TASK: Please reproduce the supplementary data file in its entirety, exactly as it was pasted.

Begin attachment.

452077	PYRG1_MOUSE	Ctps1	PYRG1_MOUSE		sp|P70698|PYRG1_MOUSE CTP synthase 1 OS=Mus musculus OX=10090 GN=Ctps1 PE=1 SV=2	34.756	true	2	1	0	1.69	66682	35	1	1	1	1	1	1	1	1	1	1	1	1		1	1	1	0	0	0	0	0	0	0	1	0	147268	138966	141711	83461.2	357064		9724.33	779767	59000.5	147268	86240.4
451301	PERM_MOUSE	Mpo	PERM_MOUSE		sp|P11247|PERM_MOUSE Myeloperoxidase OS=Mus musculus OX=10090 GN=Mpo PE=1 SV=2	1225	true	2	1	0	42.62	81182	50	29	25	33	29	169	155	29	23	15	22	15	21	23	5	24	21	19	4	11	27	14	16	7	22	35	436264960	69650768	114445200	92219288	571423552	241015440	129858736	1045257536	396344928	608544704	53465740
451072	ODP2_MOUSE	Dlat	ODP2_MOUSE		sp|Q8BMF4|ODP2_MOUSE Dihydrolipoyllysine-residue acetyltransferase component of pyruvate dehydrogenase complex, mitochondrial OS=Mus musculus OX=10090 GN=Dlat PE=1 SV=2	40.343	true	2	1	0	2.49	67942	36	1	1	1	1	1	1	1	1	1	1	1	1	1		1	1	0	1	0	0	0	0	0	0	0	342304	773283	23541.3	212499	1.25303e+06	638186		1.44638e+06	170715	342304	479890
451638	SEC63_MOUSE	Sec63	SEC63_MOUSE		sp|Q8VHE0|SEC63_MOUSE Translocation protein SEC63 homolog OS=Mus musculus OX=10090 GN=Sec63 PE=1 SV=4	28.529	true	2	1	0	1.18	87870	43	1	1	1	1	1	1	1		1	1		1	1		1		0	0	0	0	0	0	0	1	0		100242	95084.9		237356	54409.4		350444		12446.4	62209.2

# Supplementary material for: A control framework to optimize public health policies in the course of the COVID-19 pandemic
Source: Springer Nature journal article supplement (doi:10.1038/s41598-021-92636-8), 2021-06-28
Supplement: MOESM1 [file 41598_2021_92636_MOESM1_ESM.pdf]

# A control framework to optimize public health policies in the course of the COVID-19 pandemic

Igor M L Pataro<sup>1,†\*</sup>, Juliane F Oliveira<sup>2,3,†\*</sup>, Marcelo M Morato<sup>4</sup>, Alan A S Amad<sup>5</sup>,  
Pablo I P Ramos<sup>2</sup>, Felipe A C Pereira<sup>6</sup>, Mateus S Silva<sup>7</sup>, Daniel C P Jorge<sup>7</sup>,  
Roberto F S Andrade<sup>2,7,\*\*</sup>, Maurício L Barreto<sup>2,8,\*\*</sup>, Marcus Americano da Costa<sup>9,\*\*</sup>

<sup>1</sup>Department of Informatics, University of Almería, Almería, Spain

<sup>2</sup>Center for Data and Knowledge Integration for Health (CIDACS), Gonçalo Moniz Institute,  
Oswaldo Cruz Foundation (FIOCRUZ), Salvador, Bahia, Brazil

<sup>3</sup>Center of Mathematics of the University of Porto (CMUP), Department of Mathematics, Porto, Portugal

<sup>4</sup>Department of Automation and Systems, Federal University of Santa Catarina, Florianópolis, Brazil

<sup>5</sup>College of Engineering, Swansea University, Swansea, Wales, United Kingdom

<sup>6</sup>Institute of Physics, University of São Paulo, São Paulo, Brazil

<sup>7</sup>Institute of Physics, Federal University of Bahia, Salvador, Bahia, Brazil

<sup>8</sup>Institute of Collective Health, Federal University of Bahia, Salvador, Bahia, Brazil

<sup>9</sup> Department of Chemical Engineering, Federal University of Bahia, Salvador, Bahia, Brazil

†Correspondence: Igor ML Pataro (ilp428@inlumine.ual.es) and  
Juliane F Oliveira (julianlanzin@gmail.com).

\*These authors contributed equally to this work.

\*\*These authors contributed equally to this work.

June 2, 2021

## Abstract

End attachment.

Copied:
452077	PYRG1_MOUSE	Ctps1	PYRG1_MOUSE		sp|P70698|PYRG1_MOUSE CTP synthase 1 OS=Mus musculus OX=10090 GN=Ctps1 PE=1 SV=2	34.756	true	2	1	0	1.69	66682	35	1	1	1	1	1	1	1	1	1	1	1	1		1	1	1	0	0	0	0	0	0	0	1	0	147268	138966	141711	83461.2	357064		9724.33	779767	59000.5	147268	86240.4
451301	PERM_MOUSE	Mpo	PERM_MOUSE		sp|P11247|PERM_MOUSE Myeloperoxidase OS=Mus musculus OX=10090 GN=Mpo PE=1 SV=2	1225	true	2	1	0	42.62	81182	50	29	25	33	29	169	155	29	23	15	22	15	21	23	5	24	21	19	4	11	27	14	16	7	22	35	436264960	69650768	114445200	92219288	571423552	241015440	129858736	1045257536	396344928	608544704	53465740
451072	ODP2_MOUSE	Dlat	ODP2_MOUSE		sp|Q8BMF4|ODP2_MOUSE Dihydrolipoyllysine-residue acetyltransferase component of pyruvate dehydrogenase complex, mitochondrial OS=Mus musculus OX=10090 GN=Dlat PE=1 SV=2	40.343	true	2	1	0	2.49	67942	36	1	1	1	1	1	1	1	1	1	1	1	1	1		1	1	0	1	0	0	0	0	0	0	0	342304	773283	23541.3	212499	1.25303e+06	638186		1.44638e+06	170715	342304	479890
451638	SEC63_MOUSE	Sec63	SEC63_MOUSE		sp|Q8VHE0|SEC63_MOUSE Translocation protein SEC63 homolog OS=Mus musculus OX=10090 GN=Sec63 PE=1 SV=4	28.529	true	2	1	0	1.18	87870	43	1	1	1	1	1	1	1		1	1		1	1		1		0	0	0	0	0	0	0	1	0		100242	95084.9		237356	54409.4		350444		12446.4	62209.2

# Supplementary material for: A control framework to optimize public health policies in the course of the COVID-19 pandemic
Source: Springer Nature journal article supplement (doi:10.1038/s41598-021-92636-8), 2021-06-28
Supplement: MOESM1 [file 41598_2021_92636_MOESM1_ESM.pdf]

# A control framework to optimize public health policies in the course of the COVID-19 pandemic

Igor M L Pataro<sup>1,†\*</sup>, Juliane F Oliveira<sup>2,3,†\*</sup>, Marcelo M Morato<sup>4</sup>, Alan A S Amad<sup>5</sup>,  
Pablo I P Ramos<sup>2</sup>, Felipe A C Pereira<sup>6</sup>, Mateus S Silva<sup>7</sup>, Daniel C P Jorge<sup>7</sup>,  
Roberto F S Andrade<sup>2,7,\*\*</sup>, Maurício L Barreto<sup>2,8,\*\*</sup>, Marcus Americano da Costa<sup>9,\*\*</sup>

<sup>1</sup>Department of Informatics, University of Almería, Almería, Spain

<sup>2</sup>Center for Data and Knowledge Integration for Health (CIDACS), Gonçalo Moniz Institute,  
Oswaldo Cruz Foundation (FIOCRUZ), Salvador, Bahia, Brazil

<sup>3</sup>Center of Mathematics of the University of Porto (CMUP), Department of Mathematics, Porto, Portugal

<sup>4</sup>Department of Automation and Systems, Federal University of Santa Catarina, Florianópolis, Brazil

<sup>5</sup>College of Engineering, Swansea University, Swansea, Wales, United Kingdom

<sup>6</sup>Institute of Physics, University of São Paulo, São Paulo, Brazil

<sup>7</sup>Institute of Physics, Federal University of Bahia, Salvador, Bahia, Brazil

<sup>8</sup>Institute of Collective Health, Federal University of Bahia, Salvador, Bahia, Brazil

<sup>9</sup> Department of Chemical Engineering, Federal University of Bahia, Salvador, Bahia, Brazil

†Correspondence: Igor ML Pataro (ilp428@inlumine.ual.es) and  
Juliane F Oliveira (julianlanzin@gmail.com).

\*These authors contributed equally to this work.

\*\*These authors contributed equally to this work.

June 2, 2021

## Abstract